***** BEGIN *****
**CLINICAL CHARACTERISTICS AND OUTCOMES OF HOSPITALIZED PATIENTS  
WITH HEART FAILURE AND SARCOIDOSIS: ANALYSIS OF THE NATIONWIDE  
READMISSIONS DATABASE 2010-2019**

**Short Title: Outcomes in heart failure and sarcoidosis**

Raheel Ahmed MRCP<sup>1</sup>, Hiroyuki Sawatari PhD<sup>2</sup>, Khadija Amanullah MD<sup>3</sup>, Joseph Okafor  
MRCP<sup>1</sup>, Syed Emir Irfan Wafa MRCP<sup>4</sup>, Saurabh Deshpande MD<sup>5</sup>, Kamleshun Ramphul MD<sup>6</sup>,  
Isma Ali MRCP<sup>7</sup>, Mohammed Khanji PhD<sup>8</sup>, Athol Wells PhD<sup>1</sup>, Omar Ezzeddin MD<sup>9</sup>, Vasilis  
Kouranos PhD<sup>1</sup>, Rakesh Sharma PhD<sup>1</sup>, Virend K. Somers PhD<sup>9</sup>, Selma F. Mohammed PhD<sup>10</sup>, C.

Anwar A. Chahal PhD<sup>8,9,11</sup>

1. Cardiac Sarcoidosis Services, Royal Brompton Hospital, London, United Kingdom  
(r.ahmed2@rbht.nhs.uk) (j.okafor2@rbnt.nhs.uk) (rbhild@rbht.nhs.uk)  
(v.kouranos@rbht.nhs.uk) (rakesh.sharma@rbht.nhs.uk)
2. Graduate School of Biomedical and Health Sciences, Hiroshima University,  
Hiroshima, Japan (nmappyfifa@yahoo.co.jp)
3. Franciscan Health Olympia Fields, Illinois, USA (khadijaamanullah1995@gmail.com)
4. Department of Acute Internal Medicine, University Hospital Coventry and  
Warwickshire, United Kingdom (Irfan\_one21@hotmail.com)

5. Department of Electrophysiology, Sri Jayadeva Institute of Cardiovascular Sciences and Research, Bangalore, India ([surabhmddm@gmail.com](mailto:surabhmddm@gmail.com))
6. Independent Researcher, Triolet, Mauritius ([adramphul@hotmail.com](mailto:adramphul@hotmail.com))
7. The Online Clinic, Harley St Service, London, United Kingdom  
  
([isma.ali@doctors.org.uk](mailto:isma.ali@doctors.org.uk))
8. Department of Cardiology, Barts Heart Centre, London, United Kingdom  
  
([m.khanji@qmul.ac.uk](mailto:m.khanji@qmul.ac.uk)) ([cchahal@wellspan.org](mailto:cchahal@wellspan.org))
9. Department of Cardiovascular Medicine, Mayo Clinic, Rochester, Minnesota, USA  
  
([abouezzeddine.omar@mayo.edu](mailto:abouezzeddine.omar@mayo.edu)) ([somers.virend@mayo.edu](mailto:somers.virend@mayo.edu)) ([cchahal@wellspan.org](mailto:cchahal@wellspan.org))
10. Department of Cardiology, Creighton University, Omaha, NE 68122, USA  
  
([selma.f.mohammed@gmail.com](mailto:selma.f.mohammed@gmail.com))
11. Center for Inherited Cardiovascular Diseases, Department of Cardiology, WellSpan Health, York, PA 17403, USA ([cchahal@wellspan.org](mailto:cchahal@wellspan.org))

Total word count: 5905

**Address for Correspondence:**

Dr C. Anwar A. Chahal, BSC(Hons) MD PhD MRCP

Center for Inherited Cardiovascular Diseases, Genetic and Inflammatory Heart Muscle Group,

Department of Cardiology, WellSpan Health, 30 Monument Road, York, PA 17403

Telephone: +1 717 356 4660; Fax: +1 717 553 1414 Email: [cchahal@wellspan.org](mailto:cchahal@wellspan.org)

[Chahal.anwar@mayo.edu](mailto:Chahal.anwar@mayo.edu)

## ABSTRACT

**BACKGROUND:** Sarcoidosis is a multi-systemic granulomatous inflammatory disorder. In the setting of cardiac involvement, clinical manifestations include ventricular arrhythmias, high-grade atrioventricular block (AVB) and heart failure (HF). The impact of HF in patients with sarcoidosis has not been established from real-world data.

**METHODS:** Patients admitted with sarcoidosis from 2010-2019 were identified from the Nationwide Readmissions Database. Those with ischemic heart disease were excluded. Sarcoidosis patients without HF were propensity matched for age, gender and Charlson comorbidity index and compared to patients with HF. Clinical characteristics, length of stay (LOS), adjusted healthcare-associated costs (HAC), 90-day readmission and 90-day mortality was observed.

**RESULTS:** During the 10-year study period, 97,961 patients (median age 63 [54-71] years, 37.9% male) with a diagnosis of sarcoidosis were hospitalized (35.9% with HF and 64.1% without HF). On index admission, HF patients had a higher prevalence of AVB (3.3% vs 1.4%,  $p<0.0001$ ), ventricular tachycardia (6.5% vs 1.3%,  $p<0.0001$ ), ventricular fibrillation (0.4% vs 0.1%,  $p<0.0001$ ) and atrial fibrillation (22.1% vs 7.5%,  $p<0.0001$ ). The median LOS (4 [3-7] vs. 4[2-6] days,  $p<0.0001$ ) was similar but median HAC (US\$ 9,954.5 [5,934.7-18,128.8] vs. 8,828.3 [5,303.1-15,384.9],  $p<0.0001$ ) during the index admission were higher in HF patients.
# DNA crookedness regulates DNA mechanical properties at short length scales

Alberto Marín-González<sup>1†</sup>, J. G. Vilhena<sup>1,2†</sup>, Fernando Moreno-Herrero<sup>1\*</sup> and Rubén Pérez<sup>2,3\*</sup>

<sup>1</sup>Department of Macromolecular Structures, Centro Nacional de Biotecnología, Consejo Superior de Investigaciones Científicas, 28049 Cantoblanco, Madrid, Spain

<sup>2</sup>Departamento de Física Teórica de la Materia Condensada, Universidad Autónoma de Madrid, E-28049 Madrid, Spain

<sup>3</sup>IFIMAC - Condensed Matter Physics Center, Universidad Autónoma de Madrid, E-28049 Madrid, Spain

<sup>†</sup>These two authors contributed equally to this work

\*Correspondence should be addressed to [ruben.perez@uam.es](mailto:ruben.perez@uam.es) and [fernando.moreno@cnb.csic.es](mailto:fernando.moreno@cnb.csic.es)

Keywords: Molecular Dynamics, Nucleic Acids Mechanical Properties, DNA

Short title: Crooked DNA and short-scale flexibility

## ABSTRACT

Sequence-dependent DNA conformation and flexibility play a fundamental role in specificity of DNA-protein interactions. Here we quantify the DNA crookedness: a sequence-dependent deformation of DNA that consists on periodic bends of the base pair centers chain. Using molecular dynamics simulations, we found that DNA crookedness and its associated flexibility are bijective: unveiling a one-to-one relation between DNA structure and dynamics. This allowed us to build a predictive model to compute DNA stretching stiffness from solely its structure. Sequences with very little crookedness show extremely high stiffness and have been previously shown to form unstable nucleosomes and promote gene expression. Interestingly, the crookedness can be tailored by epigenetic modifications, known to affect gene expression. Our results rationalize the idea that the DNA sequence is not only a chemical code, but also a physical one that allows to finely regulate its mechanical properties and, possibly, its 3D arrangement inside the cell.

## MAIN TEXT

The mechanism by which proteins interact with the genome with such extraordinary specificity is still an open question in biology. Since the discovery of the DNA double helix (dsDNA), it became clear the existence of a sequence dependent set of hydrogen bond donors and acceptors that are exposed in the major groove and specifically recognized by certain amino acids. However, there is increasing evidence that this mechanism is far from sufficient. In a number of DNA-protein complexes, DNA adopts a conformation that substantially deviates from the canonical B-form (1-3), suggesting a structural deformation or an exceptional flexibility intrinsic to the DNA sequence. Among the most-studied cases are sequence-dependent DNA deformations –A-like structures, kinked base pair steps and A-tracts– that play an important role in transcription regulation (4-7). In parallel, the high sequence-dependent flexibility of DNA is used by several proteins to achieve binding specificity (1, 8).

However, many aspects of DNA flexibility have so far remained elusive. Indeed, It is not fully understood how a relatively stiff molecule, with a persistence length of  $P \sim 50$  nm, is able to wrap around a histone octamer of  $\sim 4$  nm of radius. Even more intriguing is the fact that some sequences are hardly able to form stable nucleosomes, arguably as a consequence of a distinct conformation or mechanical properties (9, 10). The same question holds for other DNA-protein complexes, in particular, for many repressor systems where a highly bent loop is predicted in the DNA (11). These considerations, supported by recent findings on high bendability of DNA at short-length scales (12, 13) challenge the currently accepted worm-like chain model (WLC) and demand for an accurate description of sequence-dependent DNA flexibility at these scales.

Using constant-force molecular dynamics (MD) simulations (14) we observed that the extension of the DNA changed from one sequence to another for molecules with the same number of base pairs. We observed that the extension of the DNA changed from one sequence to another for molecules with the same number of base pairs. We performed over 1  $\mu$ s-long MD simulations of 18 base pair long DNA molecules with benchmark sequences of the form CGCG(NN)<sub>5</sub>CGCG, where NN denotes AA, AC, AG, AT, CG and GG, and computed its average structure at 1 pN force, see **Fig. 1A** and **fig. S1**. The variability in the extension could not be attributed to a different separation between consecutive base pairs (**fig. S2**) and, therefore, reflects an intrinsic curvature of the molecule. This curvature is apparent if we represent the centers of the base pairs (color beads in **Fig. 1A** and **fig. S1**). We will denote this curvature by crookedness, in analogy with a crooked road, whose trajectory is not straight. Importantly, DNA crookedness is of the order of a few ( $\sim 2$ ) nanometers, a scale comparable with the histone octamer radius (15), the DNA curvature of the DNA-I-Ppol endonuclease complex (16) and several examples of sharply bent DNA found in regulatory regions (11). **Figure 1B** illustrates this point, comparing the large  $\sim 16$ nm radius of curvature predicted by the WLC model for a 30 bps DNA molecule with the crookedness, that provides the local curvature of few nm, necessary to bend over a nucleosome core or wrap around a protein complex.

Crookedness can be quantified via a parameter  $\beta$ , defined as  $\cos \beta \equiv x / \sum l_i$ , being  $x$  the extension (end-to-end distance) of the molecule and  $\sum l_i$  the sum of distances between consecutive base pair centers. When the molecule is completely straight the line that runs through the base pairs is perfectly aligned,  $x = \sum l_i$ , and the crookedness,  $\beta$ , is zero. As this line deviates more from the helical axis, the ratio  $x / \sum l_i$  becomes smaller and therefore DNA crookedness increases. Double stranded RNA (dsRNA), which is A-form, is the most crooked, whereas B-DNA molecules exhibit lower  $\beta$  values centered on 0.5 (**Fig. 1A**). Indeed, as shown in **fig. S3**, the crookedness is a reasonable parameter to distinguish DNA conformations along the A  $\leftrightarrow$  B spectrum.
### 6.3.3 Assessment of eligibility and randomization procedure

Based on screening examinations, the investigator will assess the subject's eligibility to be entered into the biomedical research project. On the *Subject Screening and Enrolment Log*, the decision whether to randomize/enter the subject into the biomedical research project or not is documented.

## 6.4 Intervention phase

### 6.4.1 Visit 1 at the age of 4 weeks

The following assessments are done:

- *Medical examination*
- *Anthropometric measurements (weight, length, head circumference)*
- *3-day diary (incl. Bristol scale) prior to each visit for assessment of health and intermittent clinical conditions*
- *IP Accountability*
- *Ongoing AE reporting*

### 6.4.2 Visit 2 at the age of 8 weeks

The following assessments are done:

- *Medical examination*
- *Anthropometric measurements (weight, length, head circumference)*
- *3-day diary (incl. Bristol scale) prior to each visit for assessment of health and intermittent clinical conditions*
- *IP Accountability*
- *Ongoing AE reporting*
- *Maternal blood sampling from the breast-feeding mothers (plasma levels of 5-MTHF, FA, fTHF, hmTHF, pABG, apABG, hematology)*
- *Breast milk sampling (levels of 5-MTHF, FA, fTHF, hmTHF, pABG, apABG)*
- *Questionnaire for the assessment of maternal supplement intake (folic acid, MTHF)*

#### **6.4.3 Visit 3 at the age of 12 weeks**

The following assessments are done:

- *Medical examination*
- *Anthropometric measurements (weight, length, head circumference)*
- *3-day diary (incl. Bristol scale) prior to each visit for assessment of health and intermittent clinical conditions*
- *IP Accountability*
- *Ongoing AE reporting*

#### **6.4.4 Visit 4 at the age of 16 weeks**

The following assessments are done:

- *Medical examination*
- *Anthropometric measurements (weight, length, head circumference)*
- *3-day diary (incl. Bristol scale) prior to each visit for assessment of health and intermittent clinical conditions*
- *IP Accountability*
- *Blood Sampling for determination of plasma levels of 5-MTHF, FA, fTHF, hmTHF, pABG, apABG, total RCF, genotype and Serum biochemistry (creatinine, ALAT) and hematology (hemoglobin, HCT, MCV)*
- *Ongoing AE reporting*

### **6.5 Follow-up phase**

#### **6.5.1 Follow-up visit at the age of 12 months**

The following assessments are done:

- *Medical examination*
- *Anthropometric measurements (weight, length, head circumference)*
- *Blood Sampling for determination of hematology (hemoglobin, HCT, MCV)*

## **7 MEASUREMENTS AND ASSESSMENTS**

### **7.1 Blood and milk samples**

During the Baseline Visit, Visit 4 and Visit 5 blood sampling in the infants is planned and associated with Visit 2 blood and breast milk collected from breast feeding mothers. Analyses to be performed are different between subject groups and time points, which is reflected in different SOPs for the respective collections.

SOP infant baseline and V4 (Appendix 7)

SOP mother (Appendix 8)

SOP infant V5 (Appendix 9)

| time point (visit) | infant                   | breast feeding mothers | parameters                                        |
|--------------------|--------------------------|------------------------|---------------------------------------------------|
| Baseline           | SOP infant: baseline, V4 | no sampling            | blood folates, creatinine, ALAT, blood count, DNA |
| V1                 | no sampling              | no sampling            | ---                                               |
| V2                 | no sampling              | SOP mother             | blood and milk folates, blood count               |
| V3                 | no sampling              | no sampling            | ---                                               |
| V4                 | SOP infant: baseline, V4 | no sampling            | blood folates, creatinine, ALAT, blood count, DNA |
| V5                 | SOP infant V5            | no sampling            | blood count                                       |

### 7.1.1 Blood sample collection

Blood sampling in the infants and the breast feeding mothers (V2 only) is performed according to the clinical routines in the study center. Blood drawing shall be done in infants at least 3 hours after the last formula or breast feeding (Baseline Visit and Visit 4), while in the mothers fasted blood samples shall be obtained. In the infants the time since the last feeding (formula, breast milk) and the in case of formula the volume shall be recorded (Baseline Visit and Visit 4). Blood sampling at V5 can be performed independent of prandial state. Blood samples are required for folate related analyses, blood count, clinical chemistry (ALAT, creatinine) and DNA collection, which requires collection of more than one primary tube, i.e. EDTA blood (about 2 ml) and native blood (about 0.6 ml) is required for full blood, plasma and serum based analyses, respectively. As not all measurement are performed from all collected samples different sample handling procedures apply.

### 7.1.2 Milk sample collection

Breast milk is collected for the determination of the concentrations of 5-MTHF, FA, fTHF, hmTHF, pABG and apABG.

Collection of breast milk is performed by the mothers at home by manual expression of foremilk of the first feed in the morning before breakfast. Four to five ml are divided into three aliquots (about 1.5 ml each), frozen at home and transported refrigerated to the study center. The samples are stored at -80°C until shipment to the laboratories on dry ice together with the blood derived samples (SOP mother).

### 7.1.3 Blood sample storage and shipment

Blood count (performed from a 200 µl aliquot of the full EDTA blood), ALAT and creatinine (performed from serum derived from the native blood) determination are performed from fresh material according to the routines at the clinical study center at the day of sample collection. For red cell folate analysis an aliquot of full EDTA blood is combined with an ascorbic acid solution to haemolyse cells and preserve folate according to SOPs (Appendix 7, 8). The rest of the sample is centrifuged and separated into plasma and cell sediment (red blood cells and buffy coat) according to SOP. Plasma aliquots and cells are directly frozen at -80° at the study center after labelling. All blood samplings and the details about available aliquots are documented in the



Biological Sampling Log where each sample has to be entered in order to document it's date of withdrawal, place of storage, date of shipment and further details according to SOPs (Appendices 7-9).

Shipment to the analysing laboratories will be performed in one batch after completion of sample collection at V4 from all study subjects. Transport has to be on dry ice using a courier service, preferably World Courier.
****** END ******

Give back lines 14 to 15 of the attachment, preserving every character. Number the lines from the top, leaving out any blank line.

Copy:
Hiroshima, Japan (nmappyfifa@yahoo.co.jp)
3. Franciscan Health Olympia Fields, Illinois, USA (khadijaamanullah1995@gmail.com)